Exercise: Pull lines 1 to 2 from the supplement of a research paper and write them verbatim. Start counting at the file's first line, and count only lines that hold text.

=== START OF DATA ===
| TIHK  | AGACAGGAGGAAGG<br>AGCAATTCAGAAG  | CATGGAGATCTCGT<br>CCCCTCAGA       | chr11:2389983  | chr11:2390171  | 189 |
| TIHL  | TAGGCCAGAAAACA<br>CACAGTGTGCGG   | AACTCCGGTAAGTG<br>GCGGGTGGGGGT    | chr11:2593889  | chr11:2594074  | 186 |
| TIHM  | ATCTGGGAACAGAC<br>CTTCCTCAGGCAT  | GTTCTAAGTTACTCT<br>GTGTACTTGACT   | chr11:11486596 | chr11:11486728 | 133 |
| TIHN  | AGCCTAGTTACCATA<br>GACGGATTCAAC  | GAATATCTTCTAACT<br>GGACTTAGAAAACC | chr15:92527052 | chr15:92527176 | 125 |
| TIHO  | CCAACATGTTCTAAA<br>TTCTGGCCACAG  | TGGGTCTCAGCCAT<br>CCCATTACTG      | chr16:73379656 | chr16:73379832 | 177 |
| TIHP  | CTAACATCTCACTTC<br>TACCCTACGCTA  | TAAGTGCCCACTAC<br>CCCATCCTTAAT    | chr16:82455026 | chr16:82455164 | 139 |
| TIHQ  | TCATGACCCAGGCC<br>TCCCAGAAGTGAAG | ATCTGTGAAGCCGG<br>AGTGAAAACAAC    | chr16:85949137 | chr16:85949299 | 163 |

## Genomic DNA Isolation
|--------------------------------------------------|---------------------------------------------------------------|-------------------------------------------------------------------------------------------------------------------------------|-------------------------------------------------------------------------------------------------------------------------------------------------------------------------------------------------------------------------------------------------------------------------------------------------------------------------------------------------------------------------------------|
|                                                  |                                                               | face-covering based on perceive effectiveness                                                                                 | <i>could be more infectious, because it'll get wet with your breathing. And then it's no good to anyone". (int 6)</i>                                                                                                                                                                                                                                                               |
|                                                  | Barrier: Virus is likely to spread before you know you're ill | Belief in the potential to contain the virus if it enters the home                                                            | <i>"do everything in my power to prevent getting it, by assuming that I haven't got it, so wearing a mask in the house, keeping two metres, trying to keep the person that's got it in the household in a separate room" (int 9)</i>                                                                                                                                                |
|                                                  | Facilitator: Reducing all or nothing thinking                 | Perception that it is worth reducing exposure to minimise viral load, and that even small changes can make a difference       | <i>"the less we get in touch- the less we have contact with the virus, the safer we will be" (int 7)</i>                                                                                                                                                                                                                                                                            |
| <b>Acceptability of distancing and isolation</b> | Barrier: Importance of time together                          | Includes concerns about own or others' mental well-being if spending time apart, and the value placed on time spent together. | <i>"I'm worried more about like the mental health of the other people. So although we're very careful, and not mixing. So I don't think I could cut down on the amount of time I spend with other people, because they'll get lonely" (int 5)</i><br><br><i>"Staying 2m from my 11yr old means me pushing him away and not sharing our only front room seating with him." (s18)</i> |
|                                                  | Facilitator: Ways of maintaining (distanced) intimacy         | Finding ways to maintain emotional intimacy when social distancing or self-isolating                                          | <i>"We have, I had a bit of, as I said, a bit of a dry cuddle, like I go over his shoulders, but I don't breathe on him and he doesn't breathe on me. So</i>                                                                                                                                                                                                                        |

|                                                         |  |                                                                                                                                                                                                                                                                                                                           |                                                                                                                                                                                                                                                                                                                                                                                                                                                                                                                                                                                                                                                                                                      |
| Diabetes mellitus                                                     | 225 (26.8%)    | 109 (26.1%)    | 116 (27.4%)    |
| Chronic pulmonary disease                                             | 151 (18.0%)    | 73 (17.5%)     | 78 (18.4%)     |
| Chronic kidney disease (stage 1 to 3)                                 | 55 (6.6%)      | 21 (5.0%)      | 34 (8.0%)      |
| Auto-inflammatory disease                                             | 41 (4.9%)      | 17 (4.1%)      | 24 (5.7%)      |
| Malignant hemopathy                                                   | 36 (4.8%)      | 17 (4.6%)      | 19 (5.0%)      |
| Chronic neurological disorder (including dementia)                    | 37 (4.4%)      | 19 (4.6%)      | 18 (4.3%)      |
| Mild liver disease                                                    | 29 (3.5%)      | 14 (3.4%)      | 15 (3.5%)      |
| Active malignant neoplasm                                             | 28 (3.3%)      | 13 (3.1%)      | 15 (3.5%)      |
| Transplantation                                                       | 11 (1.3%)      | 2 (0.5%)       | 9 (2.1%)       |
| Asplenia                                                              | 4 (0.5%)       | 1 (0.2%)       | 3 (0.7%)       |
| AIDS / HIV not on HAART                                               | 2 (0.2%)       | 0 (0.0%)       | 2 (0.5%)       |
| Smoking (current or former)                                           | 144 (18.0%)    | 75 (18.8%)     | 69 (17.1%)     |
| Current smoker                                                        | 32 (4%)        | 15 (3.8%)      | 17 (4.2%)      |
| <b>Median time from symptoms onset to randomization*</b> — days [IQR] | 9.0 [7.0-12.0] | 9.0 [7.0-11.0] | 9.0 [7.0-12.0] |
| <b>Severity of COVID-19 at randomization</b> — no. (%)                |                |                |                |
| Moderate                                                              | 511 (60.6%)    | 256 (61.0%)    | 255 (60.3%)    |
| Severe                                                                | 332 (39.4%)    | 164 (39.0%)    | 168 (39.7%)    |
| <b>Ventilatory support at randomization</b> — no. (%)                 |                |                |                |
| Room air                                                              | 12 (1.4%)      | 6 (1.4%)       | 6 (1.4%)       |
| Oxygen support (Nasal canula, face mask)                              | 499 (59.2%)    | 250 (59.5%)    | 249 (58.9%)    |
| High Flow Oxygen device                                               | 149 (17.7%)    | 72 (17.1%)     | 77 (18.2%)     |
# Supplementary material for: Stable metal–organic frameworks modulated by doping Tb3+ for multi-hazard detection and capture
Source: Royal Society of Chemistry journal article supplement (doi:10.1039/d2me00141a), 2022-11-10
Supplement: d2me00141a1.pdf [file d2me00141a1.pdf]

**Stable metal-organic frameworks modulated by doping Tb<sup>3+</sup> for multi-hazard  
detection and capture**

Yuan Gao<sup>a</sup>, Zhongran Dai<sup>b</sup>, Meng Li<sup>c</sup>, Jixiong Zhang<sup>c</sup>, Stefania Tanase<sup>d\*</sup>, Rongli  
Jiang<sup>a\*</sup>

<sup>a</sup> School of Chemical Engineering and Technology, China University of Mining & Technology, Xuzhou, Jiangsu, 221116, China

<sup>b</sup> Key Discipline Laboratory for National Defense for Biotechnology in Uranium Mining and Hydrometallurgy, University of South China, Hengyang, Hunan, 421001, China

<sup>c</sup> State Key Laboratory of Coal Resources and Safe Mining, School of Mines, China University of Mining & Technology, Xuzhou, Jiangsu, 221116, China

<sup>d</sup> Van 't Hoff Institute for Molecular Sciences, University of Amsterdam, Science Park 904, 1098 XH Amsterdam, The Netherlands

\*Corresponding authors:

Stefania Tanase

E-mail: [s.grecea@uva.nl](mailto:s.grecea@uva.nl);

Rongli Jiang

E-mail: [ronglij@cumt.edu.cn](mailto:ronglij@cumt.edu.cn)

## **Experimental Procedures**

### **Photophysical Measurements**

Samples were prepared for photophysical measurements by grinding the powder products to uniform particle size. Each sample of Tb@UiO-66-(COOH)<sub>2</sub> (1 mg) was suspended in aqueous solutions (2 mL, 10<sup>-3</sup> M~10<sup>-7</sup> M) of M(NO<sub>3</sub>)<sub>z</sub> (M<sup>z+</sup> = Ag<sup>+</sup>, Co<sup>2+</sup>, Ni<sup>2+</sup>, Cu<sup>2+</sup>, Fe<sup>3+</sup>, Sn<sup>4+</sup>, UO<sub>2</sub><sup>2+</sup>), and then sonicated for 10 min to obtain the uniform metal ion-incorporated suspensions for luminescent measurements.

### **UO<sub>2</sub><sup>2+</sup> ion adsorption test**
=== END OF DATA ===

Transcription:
| TIHK  | AGACAGGAGGAAGG<br>AGCAATTCAGAAG  | CATGGAGATCTCGT<br>CCCCTCAGA       | chr11:2389983  | chr11:2390171  | 189 |
| TIHL  | TAGGCCAGAAAACA<br>CACAGTGTGCGG   | AACTCCGGTAAGTG<br>GCGGGTGGGGGT    | chr11:2593889  | chr11:2594074  | 186 |